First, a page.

Kōyasan offers scenic short strolls, but also longer walks and hiking around the pleasant surrounding the cedar forests. The larger loop below is about 10 miles, though you may stroll only portions of it per your preference.
Overnight in a traditional monastery or "temple lodging" (called Shukubo) is a highlight of a visit to Mount Koya. The monasteries are occupied and fully-managed by local monks.
During your visit, enjoy a delicious vegetarian breakfast and dinner prepared by the monks served in kaiseki style—traditional multi-course Japanese dinner—a Buddhist meal called Shojin-ryori.
It is customary in Japan's pilgrimage destinations for visitors to stay temple lodgings (known as shukubō in Japanese), offering a unique opportunity to experience the simple and traditional lifestyle of Buddhist monks. One of the best places in Japan to experience a stay at a temple is Koyasan, which has over 50 temples that serve as shukubo. Unlike other areas of Japan, the temples in Koyasan are accustomed to foreign guests and includes dinner and breakfast, and other amenities.
Temple lodgings features traditional Japanese rooms with tatami floors, sliding fusuma doors, and shared toilet and sink facilities. Futons are provided for bedding and gas heaters are available during the winter months. Vegetarian dinner is prepared and served by resident monks, and variety of unique dishes such as konnyaku, yuba, and koyadofu.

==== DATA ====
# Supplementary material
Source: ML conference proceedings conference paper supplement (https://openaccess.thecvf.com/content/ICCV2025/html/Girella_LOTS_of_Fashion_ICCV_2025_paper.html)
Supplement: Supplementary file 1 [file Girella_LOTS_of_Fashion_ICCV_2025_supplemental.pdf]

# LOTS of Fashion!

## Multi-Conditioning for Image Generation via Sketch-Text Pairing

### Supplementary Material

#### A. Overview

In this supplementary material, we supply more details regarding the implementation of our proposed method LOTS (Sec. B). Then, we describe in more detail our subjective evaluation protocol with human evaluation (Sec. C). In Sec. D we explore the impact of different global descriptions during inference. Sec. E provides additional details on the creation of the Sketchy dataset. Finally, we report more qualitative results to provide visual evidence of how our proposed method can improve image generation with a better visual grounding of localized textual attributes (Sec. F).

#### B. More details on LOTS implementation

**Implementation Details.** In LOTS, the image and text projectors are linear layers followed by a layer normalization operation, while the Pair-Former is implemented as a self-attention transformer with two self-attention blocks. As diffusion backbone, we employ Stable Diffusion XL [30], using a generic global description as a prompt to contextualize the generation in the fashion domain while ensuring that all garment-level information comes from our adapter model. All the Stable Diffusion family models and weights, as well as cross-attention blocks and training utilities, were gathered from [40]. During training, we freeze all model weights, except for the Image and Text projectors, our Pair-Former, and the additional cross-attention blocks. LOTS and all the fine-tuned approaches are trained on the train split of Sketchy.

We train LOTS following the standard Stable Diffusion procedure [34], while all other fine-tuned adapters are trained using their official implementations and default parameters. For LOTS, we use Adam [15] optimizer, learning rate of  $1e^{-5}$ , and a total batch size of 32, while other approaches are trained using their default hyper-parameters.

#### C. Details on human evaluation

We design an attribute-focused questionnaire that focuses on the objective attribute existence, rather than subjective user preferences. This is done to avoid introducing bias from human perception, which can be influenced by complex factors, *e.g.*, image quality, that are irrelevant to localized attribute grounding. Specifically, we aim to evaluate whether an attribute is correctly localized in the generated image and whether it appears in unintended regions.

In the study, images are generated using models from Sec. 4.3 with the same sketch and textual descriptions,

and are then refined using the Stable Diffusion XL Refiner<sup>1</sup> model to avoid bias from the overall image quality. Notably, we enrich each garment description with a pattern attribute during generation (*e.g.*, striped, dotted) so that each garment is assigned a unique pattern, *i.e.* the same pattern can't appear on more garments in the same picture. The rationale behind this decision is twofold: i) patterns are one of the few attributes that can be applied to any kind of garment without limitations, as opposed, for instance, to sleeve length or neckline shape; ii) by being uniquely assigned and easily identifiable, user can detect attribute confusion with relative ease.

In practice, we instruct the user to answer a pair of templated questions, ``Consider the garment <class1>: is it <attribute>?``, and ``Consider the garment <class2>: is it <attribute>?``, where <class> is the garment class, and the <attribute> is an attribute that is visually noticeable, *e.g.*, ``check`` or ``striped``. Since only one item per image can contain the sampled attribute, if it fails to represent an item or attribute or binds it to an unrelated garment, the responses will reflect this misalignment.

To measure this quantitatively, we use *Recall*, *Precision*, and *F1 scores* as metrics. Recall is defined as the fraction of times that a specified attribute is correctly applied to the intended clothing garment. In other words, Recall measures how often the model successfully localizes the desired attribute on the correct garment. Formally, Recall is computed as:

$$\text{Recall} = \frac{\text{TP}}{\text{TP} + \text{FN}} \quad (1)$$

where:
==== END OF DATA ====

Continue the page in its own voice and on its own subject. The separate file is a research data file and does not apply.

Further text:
In the morning, guests are welcome to participate in the temple's prayer services, which generally begin at 6:00 am and last for 30-45 minutes. Breakfast is served around 7:00 am and some temples also offer meditation sessions in the late afternoon. During your stay, you can explore the temple's cultural treasures, halls, and gardens, as well as take advantage of the communal, gender-separated baths.
After Kōya, on the transfer to Kyoto overland, our driver and guide will transfer you to Nara for lunch and visiting the massive Odaiji Golden Hall (below), the largest wooden temple in the world and symbol of Nara. Surrounding the temples is the famed Nara Park known as "deer park," one of the oldest parks in Japan where deer roam freely, considered to be spirits of ancestors.